Pan American Clippers: the Golden Age of flying boats — a book I’ve read
Pan American Clippers: the Golden Age of flying boats
Pan American Clippers: the Golden Age of flying boats, James Trautman, 2007, ISBN-13 978-1-55046-476-4, 272 pp.
I borrowed this book from my county library so that I would, once and for all, learn about the famous Pan American Airways (PAA) Clipper flying boats. I can happily say that this book accomplished this objective and so much more. The author — James Trautman — also illustrates the man behind the airline (Juan Trippe), explains the logistics required to support trans oceanic flight of mail as well as first class passengers, and has absolutely crammed the book full of historical photographs.
I learned much about the Clippers, including the Trippe family connection to the sailing clippers of the previous century, and more about the local connection for me to those majestic flying boats — Dinner Key* in Miami.
The book had so many old photos of the Dinner Key facility I was easily able to identify the existing hangars as well as ramp, along with the old Pan Am terminal (now Miami City Hall). The hangars now serve as part of a marina but one smaller building is a Fresh Market store. I went into the Fresh Market, also getting a nice lunch sandwich, and had a look around. One can see the architecture of a hangar built in the 1930s, that of efficient if austere metal construction but there is no obvious explanation present in the structure. There are two clues of airliners there, but they are hung on a wall without context.
But, back to the book! Trautman describes the history, adventure and tragedy that made up the PAA experience in the 1930s. Many died during WW II working for PAA but under military control on military missions. Since Pan Am pioneered trans oceanic travel, including meteorology, it should not have surprised me to learn that PAA trained military pilots in long distance flying — but it did since I had not seen mention of this before. Although ignored as dry, business and wars are not done successfully without logistics and training. Pan Am Airways had expertise in both as can be read in this book.
Adventures are nicely related as are the tragedies such as the loss of the Philippine Clipper and the death of pioneering aviator Edwin Musick. Edwin Musick should be the subject of book as he led the way into so much of what we take for granted today. No mention is made of PAA acquiring Aeromarine Airways, Inc. to get its first international route, between Key West FL and Havana Cuba — a small detail, though, and not meant to be disparaging as the amount of information in the book is immense and it is related to the reader in an excellent fashion.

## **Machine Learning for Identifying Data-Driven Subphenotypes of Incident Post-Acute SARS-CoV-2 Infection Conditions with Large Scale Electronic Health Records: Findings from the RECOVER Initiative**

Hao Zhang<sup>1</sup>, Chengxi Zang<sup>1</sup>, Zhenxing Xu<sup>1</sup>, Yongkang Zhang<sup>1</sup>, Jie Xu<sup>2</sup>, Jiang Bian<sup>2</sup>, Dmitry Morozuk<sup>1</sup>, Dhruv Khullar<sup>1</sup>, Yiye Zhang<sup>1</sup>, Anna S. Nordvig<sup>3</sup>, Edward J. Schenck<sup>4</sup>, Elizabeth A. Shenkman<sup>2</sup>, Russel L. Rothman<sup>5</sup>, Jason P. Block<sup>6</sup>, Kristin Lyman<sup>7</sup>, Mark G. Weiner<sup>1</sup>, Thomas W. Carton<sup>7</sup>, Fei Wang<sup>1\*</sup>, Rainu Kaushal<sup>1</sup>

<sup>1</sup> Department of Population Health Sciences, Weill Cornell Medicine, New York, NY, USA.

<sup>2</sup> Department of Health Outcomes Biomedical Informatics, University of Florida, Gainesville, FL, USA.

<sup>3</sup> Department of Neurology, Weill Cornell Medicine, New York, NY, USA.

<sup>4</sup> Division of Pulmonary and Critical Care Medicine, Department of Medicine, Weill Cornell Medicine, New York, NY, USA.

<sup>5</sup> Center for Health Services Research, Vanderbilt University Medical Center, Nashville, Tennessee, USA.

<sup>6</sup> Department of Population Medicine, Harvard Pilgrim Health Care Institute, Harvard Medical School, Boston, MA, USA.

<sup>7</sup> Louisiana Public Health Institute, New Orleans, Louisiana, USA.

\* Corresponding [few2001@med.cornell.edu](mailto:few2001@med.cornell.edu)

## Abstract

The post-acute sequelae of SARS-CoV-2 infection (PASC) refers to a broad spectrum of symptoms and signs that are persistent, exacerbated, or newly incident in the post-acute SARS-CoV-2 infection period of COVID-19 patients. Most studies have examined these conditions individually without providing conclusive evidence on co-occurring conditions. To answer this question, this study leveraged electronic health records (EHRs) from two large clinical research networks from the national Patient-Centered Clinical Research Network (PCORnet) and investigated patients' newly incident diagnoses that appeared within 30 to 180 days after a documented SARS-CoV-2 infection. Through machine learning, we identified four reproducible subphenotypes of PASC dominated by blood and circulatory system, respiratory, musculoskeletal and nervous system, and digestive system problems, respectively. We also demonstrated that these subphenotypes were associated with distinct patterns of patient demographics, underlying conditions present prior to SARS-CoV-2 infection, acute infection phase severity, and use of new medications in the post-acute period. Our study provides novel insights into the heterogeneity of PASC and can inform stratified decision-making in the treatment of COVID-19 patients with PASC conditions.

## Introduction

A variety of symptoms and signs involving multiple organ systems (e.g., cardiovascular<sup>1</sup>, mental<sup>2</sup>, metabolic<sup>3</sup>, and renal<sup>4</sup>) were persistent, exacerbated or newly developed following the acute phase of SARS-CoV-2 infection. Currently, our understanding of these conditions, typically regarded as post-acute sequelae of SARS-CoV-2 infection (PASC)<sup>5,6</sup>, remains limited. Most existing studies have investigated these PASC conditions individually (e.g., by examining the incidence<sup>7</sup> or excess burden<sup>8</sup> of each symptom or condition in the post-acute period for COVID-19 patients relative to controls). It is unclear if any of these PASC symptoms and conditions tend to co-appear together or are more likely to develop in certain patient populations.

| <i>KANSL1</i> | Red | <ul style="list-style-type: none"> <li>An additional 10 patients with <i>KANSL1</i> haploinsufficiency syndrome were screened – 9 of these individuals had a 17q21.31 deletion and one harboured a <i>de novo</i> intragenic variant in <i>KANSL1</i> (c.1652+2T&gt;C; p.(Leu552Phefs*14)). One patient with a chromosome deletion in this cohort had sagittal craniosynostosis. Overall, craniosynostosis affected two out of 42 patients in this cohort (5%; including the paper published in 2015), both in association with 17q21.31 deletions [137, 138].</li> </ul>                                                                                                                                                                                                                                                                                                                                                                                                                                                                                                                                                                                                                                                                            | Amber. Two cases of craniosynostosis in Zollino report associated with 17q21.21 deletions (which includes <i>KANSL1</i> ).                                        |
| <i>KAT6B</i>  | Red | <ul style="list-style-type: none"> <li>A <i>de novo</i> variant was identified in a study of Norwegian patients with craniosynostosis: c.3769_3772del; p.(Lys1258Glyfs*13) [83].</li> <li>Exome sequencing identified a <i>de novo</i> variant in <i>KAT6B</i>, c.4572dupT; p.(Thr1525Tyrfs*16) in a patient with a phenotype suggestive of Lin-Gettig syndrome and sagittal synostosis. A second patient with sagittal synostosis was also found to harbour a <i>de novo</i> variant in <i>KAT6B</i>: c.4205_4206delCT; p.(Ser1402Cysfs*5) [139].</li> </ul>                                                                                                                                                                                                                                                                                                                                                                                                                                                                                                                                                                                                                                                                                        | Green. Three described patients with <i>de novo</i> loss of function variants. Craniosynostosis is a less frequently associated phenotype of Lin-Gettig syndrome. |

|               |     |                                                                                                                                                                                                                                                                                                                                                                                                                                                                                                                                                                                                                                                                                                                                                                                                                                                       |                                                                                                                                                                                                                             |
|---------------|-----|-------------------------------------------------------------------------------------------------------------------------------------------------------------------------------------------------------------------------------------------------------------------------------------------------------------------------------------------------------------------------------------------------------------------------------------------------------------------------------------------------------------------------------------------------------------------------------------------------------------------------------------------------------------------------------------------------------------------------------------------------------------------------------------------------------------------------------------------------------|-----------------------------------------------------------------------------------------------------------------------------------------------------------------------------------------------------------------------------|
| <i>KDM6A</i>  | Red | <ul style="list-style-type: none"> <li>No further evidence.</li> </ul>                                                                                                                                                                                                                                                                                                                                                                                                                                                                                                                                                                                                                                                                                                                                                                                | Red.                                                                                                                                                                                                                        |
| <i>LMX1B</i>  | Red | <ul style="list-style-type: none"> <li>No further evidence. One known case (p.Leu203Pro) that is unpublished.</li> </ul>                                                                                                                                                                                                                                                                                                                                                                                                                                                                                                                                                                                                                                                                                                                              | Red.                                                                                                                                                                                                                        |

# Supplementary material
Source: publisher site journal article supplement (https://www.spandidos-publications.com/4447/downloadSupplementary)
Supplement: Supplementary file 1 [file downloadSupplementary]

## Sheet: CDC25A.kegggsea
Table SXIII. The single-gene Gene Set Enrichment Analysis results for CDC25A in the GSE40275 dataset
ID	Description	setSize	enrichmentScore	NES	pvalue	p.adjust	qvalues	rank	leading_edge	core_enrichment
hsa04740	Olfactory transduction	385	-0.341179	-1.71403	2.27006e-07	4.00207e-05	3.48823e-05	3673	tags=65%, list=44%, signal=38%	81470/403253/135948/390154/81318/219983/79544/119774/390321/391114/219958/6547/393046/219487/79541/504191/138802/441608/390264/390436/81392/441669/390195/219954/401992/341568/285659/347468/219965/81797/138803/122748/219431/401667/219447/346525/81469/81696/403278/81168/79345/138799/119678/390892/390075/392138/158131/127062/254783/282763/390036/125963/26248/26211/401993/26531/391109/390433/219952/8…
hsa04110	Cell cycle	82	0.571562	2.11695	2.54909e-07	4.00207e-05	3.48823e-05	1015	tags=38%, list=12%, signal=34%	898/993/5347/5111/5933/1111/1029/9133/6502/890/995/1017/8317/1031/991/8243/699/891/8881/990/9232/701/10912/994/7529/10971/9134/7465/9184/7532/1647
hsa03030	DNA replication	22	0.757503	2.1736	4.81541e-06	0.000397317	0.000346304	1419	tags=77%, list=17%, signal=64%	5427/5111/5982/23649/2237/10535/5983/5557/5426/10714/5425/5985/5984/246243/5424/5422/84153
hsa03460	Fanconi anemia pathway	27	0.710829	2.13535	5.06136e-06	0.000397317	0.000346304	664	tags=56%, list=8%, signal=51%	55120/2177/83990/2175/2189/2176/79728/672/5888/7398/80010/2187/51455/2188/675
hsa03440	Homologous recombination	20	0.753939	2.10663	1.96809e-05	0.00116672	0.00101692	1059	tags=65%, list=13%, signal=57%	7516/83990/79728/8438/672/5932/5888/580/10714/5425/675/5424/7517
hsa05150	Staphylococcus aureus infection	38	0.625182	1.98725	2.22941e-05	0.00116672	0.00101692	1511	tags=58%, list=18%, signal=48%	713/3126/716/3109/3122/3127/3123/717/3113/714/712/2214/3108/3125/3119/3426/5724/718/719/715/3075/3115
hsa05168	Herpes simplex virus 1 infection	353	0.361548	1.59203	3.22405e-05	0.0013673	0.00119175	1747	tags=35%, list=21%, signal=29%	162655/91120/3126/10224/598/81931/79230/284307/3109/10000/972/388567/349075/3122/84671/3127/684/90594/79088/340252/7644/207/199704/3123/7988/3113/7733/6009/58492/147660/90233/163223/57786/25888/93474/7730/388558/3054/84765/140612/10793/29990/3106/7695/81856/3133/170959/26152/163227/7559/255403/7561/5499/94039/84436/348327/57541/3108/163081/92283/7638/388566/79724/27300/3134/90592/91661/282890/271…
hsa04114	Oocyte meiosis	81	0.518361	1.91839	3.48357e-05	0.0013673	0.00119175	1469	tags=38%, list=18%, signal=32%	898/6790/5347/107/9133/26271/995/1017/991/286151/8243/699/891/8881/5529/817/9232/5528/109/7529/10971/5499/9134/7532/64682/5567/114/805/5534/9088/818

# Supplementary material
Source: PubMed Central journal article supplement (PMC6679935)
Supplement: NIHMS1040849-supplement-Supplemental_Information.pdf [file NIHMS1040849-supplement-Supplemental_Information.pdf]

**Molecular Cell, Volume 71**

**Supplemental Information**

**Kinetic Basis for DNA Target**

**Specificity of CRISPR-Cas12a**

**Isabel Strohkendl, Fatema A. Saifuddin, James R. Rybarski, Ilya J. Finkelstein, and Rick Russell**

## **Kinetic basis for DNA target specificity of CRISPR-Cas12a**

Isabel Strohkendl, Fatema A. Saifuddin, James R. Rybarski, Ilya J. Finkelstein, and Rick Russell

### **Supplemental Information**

Persons part of the clipper history are addressed completely as are the various facilities built across the Pacific Ocean to support the PAA routes. Also discussed is the impact of the PAA clippers in the media including films. Nicely done, as well, is the detailing of what remains of this part of the Golden Age of Aviation. One item in particular caught my eye, the ten foot diameter globe that was designed for the Dinner Key Terminal in Miami, which was moved to the Miami Museum of Science (though updated, as noted by the author). I looked it up in May 2010 and indeed it is large and it is updated to now reflect the ocean’s bottom including the spreading ridges and subduction trenches. As a geologist I immediately recognized the correctness of the oceanic floor features and knew that the information about these features had not been collected until after WW II, two decades after the days of the clippers. So … the globe has been updated to educate us about what we know of the world today but it has lost its art deco context and, most disappointingly, credit for the current globe is given to those who modernized it with no mention of the original makers or the original history of it — as a science person I found that to be distasteful and somewhat like tomb plundering.
Another globe was discussed, too. It had been part of the Treasure Island Terminal in the San Francisco / Oakland area but now resides in the San Francisco Airport Museum**. I saw this globe, one cannot miss it when walking by the front window of the museum within the International Terminal of the San Francisco International Airport. I saw it and missed it at the same time as I did not take the time to read the sign that was part of the display as I was eager to photograph the large models of the Pan Am Clipper flying boats. Next time I am back there …
Thanks to this book, I now have an overview of Pan Am’s Clipper service, how PAA affected history in WW II as well as today — and detailed knowledge of the Sikorsky, Martin and Boeing aircraft used on the many and long overwater routes.
* a photo of the former Dinner Key terminal building, now Miami City Hall, is included in the Building & Ships in Aviation’s History page
** a post on this museum will appear soon